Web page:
Humans today live a lot longer than they used to. That’s great news, but as modern medical advances are giving patients second chances at living normal lives, end-of-life care continues to be a difficult thing to plan. Forecasting when someone will die is an extremely challenging and often uncomfortable thing, but Stanford researchers have trained an AI to be able to predict death with incredible accuracy, and it could revolutionize end-of-life care for patients who are reaching their ends.

The goal is to better match patient (and family) wishes with an accurate timeline of an individuals final months, weeks, and days, while affording them the opportunity to plan ahead for the inevitable. The work is titled Improving Palliative Care with Deep Learning, and it’s currently available online.

“Improving the quality of end-of-life care for hospitalized patients is a priority for healthcare organizations,” the researchers write. “Studies have shown that physicians tend to over-estimate prognoses, which in combination with treatment inertia results in a mismatch between patients wishes and actual care at the end of life.”

Inaccurate predictions from doctors can create unwanted consequences, such as patients spending their final days in a hospital ward rather than at home, surrounded by loved ones. By removing the human predictive element from the equation — which may be influenced by emotion and optimism — the algorithm takes a calculated look at the data and makes a call based on facts. The result is a much more accurate prediction of death that allows the patient and their family to plan for the best, most comfortable send-off.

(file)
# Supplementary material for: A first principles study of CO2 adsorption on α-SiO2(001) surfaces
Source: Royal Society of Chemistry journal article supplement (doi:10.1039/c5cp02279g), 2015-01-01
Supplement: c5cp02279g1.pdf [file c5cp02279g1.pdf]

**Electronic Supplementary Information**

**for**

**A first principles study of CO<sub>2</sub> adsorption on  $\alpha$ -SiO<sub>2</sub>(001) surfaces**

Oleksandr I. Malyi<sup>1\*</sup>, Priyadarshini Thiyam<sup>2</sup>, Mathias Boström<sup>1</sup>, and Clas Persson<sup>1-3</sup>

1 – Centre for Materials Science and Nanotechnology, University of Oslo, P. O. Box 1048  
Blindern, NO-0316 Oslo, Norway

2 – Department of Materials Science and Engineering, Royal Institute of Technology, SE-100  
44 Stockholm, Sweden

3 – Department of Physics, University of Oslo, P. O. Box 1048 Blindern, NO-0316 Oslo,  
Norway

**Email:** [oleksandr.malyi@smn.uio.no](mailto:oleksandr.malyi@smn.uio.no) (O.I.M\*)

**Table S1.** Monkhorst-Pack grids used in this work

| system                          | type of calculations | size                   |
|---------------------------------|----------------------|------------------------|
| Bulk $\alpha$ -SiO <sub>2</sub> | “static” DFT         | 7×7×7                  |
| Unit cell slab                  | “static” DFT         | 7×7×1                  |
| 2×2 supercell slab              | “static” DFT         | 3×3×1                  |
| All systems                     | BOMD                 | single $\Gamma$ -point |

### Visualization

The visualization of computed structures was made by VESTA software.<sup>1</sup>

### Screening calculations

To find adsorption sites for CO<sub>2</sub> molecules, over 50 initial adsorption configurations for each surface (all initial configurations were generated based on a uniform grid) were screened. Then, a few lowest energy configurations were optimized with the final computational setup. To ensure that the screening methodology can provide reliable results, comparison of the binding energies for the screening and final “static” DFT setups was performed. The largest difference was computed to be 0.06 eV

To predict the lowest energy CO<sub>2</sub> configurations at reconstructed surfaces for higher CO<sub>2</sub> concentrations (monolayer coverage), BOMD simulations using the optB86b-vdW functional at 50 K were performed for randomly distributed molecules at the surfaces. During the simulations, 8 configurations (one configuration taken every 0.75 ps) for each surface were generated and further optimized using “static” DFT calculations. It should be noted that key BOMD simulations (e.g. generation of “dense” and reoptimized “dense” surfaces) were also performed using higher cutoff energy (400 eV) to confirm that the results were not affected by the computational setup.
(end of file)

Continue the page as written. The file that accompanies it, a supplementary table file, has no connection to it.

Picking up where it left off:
The algorithm the researchers developed has been trained on over two million patient records. Using that data the AI can spot patterns that are simply invisible to a single doctor, and by drawing from those patterns it can make an educated guess as to when an ill patient will ultimately pass. When the algorithm is used to predict the passing of patients who are in palliative care (meaning they are not expected to live longer than 12 months), the system forecasts death with an astonishing 90 percent accuracy.

The way the AI goes about its predictions is quite complex, and while the researchers know how the system digests the data it’s being fed, the algorithm doesn’t have a simple way of explaining how it reaches its conclusions. Despite that, the digital brain is accurate enough in its predictions that the “how” is a secondary concern.

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